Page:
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Nov 1, 2021
This article is part of a series called COVID-19 Coverage.

As Covid vaccine mandates continue to envelop both employers’ and employees’ minds, plaintiffs across the country have filed several lawsuits that represent supporters’ and challengers’ views on vaccine mandates in the workplace. The claims include allegations against federal, state, and local mandates, as well as private employer vaccine mandates. Here’s what’s been happening:

Federal Mandates and Litigation

On Sept. 9, President Biden announced that federal employees would be required to attest to their vaccination status, and any federal employee who does not attest and/or is unvaccinated will be required to mask, submit to weekly testing, socially distance, and otherwise not travel for work. 

Additionally, President Biden directed OSHA to issue a vaccine mandate for private employers with 100 or more employees ensuring that the respective workforce is either vaccinated or tested weekly. As a result, lawsuits were filed challenging the mandates on public employees and private employees of covered employers. 

One NLRB Regional Attorney filed suit, in his capacity as a federal employee, against President Biden in the Northern District of Texas on Sept. 29, seeking a declaratory judgment and injunctive relief. In the complaint, the employee alleges that the mandate requiring vaccination for federal employees violates the First Amendment and Due Process Clause of the Fifth Amendment. 

The Court denied the employee’s request for an injunction and also required the employee to explain why the case should not be dismissed. On Oct. 13, the plaintiff filed that response stating that the mandate violates the Substantive Due Process and Equal Protection clauses. The court has yet to rule on the response.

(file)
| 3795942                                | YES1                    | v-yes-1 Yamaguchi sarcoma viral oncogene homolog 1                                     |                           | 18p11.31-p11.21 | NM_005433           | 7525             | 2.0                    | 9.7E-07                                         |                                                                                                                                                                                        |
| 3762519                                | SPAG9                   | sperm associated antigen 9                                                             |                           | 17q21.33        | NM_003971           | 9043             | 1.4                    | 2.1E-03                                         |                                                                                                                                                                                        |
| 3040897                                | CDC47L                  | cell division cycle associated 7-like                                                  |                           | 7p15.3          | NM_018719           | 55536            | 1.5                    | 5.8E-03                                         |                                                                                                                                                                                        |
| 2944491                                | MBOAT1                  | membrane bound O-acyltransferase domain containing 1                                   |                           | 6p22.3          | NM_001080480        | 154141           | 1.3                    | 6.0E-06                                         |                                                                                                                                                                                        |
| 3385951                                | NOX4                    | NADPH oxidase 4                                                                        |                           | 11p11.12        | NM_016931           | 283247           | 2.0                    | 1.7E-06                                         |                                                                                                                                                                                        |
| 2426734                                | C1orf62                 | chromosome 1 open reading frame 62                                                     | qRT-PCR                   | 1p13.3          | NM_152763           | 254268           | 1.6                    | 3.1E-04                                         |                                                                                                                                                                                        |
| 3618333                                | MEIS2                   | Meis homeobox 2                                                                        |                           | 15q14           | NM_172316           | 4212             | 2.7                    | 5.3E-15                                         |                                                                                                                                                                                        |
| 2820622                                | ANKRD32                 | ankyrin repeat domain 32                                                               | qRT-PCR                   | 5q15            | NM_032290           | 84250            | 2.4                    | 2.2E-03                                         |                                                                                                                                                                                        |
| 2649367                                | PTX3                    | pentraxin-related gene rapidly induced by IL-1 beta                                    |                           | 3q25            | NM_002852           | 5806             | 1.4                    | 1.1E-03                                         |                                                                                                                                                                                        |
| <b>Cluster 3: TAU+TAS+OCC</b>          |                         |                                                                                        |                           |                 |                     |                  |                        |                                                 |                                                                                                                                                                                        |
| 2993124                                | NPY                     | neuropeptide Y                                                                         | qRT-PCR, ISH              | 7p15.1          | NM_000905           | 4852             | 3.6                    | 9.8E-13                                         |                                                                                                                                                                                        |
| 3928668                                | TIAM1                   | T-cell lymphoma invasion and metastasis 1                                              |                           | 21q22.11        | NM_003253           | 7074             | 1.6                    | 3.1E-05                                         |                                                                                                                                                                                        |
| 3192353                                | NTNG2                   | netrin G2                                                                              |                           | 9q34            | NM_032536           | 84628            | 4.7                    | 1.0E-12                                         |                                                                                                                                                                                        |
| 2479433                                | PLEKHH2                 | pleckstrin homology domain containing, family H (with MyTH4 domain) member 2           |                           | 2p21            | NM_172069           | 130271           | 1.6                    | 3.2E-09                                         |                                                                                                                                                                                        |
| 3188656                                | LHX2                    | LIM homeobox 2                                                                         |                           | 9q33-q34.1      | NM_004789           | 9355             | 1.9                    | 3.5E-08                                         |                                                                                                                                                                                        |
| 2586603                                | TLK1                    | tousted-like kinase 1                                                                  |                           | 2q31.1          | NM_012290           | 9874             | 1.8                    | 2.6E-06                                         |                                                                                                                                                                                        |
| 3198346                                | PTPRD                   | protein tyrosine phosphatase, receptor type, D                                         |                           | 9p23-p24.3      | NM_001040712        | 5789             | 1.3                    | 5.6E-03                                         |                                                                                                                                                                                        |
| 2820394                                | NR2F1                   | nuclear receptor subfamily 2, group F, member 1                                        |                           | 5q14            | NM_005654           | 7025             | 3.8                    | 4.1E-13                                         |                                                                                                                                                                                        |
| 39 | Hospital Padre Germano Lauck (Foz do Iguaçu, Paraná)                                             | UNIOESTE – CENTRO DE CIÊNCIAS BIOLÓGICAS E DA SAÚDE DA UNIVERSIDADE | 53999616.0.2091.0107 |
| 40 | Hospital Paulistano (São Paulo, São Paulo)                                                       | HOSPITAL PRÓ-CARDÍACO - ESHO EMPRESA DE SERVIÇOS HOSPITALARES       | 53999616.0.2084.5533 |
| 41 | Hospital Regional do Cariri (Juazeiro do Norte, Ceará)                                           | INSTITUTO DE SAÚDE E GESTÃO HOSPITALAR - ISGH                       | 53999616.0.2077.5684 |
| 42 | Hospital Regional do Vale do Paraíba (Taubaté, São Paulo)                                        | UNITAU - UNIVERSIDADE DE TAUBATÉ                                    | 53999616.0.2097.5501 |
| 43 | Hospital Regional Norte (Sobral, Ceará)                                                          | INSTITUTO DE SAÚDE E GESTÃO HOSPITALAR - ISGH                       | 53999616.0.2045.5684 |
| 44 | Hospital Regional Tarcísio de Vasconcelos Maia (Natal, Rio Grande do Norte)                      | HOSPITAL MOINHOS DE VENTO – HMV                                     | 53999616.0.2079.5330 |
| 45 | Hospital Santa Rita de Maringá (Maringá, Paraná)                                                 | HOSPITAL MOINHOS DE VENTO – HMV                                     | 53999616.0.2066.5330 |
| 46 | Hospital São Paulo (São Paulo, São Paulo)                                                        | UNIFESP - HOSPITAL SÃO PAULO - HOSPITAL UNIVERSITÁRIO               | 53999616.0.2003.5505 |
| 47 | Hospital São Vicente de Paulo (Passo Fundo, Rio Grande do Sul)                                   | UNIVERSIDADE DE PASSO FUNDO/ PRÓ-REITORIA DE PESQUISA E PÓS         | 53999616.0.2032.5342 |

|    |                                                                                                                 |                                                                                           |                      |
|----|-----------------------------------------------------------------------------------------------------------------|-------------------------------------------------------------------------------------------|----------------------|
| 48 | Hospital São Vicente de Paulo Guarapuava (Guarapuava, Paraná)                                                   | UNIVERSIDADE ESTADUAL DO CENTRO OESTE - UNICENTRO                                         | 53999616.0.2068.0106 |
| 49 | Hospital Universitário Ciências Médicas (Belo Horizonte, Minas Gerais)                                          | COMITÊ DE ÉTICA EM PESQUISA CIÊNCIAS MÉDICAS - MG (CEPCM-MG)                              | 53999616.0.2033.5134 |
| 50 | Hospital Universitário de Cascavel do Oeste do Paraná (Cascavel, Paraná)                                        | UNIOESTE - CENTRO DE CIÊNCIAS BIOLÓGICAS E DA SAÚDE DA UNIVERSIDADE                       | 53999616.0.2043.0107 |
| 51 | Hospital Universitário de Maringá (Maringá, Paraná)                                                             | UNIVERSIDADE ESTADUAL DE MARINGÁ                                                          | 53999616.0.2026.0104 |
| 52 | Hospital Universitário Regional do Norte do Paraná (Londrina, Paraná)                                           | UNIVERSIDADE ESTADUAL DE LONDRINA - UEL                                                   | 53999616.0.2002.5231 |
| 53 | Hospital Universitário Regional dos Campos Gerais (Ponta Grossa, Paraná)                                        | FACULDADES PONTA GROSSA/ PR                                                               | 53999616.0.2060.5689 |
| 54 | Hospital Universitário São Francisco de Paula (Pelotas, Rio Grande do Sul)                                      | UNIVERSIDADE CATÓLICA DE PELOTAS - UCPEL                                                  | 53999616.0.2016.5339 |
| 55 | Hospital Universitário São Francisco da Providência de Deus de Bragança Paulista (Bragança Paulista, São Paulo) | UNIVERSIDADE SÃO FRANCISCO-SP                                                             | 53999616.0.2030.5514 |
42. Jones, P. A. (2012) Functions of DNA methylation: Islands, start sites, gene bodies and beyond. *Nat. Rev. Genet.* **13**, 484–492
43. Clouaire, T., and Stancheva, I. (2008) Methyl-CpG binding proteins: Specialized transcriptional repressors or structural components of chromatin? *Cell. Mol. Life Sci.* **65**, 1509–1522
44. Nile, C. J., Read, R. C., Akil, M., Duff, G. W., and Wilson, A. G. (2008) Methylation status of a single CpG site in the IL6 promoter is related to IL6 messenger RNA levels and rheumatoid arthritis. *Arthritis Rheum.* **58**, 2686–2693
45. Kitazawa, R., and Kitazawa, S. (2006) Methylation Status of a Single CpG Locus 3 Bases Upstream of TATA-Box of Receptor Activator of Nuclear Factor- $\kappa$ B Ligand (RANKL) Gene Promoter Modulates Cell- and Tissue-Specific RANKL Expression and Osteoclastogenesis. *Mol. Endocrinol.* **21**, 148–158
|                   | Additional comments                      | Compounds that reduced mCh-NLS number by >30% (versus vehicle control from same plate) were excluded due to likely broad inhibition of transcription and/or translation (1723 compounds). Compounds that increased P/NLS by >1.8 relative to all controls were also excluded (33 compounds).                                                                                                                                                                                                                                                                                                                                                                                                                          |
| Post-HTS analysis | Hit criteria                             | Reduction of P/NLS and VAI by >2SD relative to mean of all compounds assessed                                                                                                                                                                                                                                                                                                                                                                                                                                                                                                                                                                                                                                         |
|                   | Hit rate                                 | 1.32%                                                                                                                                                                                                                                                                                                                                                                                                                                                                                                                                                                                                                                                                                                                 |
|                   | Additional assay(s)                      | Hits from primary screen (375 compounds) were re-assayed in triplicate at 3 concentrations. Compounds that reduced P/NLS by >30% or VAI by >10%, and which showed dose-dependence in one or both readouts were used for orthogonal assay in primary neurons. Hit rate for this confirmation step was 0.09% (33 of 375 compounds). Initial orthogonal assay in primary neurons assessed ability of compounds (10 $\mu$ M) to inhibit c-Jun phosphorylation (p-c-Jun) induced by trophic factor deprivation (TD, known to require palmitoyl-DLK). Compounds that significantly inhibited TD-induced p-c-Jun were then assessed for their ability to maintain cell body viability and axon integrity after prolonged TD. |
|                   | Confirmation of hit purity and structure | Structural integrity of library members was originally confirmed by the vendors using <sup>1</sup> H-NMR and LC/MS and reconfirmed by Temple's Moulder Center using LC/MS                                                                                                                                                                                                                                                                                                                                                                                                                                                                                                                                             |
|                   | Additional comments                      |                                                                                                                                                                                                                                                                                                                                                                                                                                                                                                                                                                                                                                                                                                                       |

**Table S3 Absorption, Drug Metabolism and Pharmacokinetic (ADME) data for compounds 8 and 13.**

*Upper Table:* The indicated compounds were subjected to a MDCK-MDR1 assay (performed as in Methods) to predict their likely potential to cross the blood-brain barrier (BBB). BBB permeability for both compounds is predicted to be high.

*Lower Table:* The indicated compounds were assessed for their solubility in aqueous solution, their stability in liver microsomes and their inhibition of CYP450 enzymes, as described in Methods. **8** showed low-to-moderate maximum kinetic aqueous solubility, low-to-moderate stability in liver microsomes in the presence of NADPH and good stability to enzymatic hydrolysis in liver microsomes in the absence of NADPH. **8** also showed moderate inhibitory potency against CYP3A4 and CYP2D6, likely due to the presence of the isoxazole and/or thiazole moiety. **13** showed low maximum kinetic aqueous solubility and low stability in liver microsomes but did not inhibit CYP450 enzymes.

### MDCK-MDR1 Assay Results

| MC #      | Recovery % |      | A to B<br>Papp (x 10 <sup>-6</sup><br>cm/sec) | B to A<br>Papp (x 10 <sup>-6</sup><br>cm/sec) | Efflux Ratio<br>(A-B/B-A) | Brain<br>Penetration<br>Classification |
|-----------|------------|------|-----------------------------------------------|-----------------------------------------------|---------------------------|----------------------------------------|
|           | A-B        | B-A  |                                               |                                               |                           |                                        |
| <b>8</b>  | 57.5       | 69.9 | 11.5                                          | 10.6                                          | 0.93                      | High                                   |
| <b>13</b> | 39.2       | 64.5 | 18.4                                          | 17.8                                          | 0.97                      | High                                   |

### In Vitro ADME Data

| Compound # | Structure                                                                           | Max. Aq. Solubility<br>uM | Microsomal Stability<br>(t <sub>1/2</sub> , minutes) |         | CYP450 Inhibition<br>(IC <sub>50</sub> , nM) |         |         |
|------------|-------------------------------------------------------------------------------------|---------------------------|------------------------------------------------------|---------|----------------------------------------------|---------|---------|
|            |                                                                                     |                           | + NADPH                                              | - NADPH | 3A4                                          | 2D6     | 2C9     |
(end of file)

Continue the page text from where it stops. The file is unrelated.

Meanwhile, the Attorney General of Arizona also filed suit against President Biden, focusing on the mandate requirements imposed on both federal employees and private employees working for covered employers. The Attorney General requests declaratory relief alleging that unauthorized individuals entering the U.S. do not have the same vaccine requirements as U.S. citizens/lawful permanent residents. The mandate therefore favors unauthorized individuals over U.S. citizens and consequently violates the Equal Protection Clause. There has been no further activity in the case. 

State Mandates and Litigation

States have taken various approaches to addressing Covid vaccine mandates. Some have bans on vaccine mandates or the requirement of Covid documentation, others have vaccination requirements only within the healthcare industry, and some require vaccination or weekly testing. 

For example, in August, the Governor of Washington issued a vaccine mandate requiring state workers and private healthcare workers (among other defined groups) to be vaccinated by Oct. 18. As a result, several state employees filed suit in the Western District of Washington against Governor Inslee and other state officials alleging that the Governor’s vaccine mandate violates the ADA and Title VII (among other claims). 

Specifically, the Washington employees allege that:

  1. The medical accommodation requests are being granted at a higher rate than religious accommodation requests;